Now the Apostle passes out of the negative condition altogether, and says: "Therefore I take pleasure in infirmities, in reproaches, in necessities, in persecutions, in distresses for Christ's sake: for when I am weak, then am I strong" (2Corinthians 12:10). I have again found myself in a paradox. You Corinthians and you Galatians will always think me paradoxical:—I am crucified with Christ; nevertheless I live: yet not I, but Christ liveth in me, and the life I now live in the flesh I live by the faith of the Son of God—it is not a flesh life at all: and now when I am weak, then am I strong; when I have nothing, I have all things. To the pedant, these are paradoxes, literal contradictions, fine food for the dainty stomach of ill-favoured and ill-natured criticism: but in the higher ranges of experience they are the commonplaces of the spiritual life; for now the Christian is as low as earth, and now high as heaven; now midnight is midday, and now midday is midnight.

Then the Apostle takes himself to task and says,—

"I am become a fool in glorying; ye have compelled me: for I ought to have been commended of you: for in nothing am I behind the very chiefest apostles, though I be nothing. Truly the signs of an apostle were wrought among you in all patience, in signs, and wonders, and mighty deeds. For what is it wherein ye were inferior to other churches?" (2Corinthians 12:11-13).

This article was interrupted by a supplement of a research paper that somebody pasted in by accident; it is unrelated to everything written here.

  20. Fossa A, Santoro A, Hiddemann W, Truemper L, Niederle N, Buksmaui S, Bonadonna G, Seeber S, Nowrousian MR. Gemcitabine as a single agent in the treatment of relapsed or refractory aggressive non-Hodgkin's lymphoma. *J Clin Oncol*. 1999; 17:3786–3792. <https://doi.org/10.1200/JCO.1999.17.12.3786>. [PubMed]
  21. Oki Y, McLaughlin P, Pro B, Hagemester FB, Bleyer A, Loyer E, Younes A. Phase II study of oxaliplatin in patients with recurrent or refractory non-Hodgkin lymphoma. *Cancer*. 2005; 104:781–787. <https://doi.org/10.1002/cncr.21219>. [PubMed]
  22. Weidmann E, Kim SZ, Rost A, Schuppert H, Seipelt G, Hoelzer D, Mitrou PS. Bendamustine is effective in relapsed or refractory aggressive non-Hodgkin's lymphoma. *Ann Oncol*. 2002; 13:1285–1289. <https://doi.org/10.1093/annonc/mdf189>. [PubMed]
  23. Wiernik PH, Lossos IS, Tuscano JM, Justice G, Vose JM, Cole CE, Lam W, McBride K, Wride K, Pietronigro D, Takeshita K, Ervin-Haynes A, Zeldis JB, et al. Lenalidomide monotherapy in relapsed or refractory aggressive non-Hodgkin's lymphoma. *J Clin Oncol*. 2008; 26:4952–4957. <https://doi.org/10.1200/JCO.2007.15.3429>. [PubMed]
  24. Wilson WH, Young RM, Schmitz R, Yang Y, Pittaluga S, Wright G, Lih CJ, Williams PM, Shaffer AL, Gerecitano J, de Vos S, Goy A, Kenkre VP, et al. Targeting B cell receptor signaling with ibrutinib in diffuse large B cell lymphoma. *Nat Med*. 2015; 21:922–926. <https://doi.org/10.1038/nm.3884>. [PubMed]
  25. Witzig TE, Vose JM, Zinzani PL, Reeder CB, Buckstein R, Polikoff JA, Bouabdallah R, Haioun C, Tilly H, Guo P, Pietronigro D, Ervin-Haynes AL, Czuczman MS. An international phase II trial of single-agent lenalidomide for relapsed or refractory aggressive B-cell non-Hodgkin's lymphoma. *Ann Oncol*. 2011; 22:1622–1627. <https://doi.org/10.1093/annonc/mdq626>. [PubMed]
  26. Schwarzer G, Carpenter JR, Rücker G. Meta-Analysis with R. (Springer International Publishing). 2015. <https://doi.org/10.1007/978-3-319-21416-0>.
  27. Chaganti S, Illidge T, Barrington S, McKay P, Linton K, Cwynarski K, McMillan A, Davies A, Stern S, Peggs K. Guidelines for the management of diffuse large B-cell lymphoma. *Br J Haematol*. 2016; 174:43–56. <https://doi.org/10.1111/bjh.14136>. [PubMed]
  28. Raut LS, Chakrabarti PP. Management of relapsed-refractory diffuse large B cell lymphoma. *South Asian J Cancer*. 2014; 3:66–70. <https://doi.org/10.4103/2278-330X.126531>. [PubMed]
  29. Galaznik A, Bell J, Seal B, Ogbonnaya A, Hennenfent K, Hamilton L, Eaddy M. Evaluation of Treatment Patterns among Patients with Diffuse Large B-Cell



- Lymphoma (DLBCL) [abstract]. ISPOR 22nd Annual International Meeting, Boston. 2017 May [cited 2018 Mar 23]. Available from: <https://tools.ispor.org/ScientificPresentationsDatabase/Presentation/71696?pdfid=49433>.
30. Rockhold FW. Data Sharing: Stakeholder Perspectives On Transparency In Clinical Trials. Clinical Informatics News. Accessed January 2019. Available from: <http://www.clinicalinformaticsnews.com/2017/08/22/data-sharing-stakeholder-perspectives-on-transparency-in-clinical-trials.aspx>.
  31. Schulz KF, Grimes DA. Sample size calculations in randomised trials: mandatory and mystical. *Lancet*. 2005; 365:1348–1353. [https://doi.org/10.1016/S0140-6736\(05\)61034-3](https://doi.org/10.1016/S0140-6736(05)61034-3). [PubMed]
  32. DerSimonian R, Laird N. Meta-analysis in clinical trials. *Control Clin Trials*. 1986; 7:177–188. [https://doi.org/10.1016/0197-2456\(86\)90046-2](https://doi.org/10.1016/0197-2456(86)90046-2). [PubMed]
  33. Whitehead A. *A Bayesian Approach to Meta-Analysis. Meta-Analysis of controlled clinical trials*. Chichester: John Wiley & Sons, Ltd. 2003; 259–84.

He turns upon the Corinthians now. When a man has treated himself in a right way his back-stroke upon the foe is like the stroke of a battering-ram. Let me see, as if the Apostle would say, wherein did I get wrong: I know it: I myself was not burdensome to you; I took no salary, I took nothing from you; I did not ask you to give me of your carnal things in return for my spiritual things—"forgive me this wrong." What a man he was! How many his moods! A man of a thousand faces, a man of a thousand tones of expression. He comes to this, that at last he sees where he got wrong. He says, I took nothing from you, I gave you my soul; and you gave me nothing—"forgive me this wrong." "I seek not yours, but you," and therefore yours. What a statesmanlike conception! "I will very gladly spend and be spent for you; though the more abundantly I love you the less I be loved." There the Apostle parts company with us. But such deeds have been done by our elder brother, the Apostle Paul. We have not yet begun that course of high athletics. The more I love you, the less I be loved. I have laid down my very soul for you, yet you never gave me a crumb from your tables. I was wrong in not asking for it—forgive me this wrong.